PovertyOral Questions

2:45 p.m.

Haldimand—Norfolk Ontario

Conservative

Diane Finley ConservativeMinister of Human Resources and Skills Development

Mr. Speaker, since we took office, we have been working very hard to help Canadians get out of poverty and we have results.

Through our working income tax benefit, we helped 900,000 people in just the first year. When we went to enhance that, the opposition voted against it.

We have also lowered taxes, particularly for the lower income brackets. We have lifted some 85,000 seniors off the tax rolls now so they have money in their pockets. We have taken some 28,000 families and 60,000 children off the welfare lines.

We are getting the job done.

PovertyOral Questions

2:45 p.m.

NDP

Tony Martin NDP Sault Ste. Marie, ON

Mr. Speaker, the numbers tell a different story. People are dropping off EI and on to welfare. Seventy-two thousand people came to a food bank for the first time, some with jobs that do not pay enough or with inadequate disability or pension supports.

Under international law, freedom from poverty is a human right but not here in Canada.

I have a simple question. Where is the leadership for a national poverty plan?

PovertyOral Questions

2:45 p.m.

Haldimand—Norfolk Ontario

Conservative

Diane Finley ConservativeMinister of Human Resources and Skills Development

Mr. Speaker, in our economic action plan, we had several factors to protect jobs and to create jobs for Canadians so they would not need food banks.

We have invested significantly in infrastructure. We have provided extended benefits for employment insurance and have made it easier to get for a longer period of time.

Unfortunately, the leadership of which the hon. member is speaking is sadly lacking in his party because his party voted against every one of these initiatives that would help beleaguered Canadians.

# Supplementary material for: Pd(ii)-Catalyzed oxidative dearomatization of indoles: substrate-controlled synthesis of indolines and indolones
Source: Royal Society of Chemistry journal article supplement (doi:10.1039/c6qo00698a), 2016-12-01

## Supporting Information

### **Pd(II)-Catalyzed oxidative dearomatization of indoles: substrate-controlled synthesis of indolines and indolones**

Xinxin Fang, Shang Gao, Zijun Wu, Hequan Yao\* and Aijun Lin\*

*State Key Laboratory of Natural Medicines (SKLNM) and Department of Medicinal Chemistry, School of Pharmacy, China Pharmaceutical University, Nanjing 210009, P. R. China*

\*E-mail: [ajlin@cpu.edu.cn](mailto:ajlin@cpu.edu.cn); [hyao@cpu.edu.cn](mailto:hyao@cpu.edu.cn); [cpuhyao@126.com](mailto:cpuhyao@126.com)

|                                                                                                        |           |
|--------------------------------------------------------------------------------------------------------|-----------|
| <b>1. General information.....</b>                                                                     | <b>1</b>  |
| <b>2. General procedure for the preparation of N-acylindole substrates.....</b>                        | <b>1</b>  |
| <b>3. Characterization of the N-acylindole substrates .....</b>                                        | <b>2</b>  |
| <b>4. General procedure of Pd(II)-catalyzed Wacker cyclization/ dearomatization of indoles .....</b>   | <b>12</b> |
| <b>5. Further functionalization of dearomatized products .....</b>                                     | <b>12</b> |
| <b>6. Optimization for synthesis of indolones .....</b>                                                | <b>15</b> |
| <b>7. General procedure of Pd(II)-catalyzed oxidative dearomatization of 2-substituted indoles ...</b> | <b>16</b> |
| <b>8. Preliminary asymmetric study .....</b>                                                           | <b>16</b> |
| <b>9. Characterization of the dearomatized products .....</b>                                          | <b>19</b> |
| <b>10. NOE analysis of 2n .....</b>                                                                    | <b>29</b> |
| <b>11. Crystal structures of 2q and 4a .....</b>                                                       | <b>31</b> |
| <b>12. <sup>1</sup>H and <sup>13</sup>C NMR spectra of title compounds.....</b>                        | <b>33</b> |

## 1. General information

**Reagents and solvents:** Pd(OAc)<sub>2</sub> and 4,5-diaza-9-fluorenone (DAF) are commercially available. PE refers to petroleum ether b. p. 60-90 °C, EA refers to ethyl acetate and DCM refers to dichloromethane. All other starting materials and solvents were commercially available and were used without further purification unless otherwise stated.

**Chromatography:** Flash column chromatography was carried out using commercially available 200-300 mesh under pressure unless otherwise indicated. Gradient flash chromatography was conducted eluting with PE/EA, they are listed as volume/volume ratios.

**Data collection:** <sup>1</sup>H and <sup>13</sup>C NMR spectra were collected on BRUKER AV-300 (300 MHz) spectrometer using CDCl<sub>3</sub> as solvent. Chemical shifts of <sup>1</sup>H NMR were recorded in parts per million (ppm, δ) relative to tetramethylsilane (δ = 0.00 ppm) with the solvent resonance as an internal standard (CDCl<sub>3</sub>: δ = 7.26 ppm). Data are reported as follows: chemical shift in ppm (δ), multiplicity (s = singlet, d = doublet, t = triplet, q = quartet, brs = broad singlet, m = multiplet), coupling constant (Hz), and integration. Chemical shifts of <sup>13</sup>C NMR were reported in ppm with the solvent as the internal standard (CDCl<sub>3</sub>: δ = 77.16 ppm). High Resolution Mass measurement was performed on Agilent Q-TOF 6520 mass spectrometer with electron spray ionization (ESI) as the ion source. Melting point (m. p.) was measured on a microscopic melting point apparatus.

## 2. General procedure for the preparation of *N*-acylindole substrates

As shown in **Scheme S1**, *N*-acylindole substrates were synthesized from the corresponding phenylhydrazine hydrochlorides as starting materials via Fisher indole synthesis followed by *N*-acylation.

Economic DevelopmentOral Questions

2:45 p.m.

Bloc

Christiane Gagnon Bloc Québec, QC

Mr. Speaker, less than a year ago, the Conservative member for Lévis—Bellechasse was so sure that the future of the Lévis shipyard was bright. However, we have just learned that it posted a $6.3 million loss for the most recent quarter, that the Davie yard will have a hard time covering its costs for the coming year, and that a client of the shipyard is still waiting on support from EDC for a $100 million loan.

Can the government give us the facts and tell us whether EDC will guarantee the loan?

Economic DevelopmentOral Questions

2:50 p.m.

Mégantic—L'Érable Québec

Conservative

Christian Paradis ConservativeMinister of Public Works and Government Services

Mr. Speaker, the Bloc Québécois has no business lecturing us on this subject.

The Davie yard was in a difficult position. We made a decision and showed leadership, and EDC did support the Davie yard.

Nothing the Bloc does, or rather, is incapable of doing, will help the Davie shipyard survive. Their ideas are preposterous.

Economic DevelopmentOral Questions

2:50 p.m.

Bloc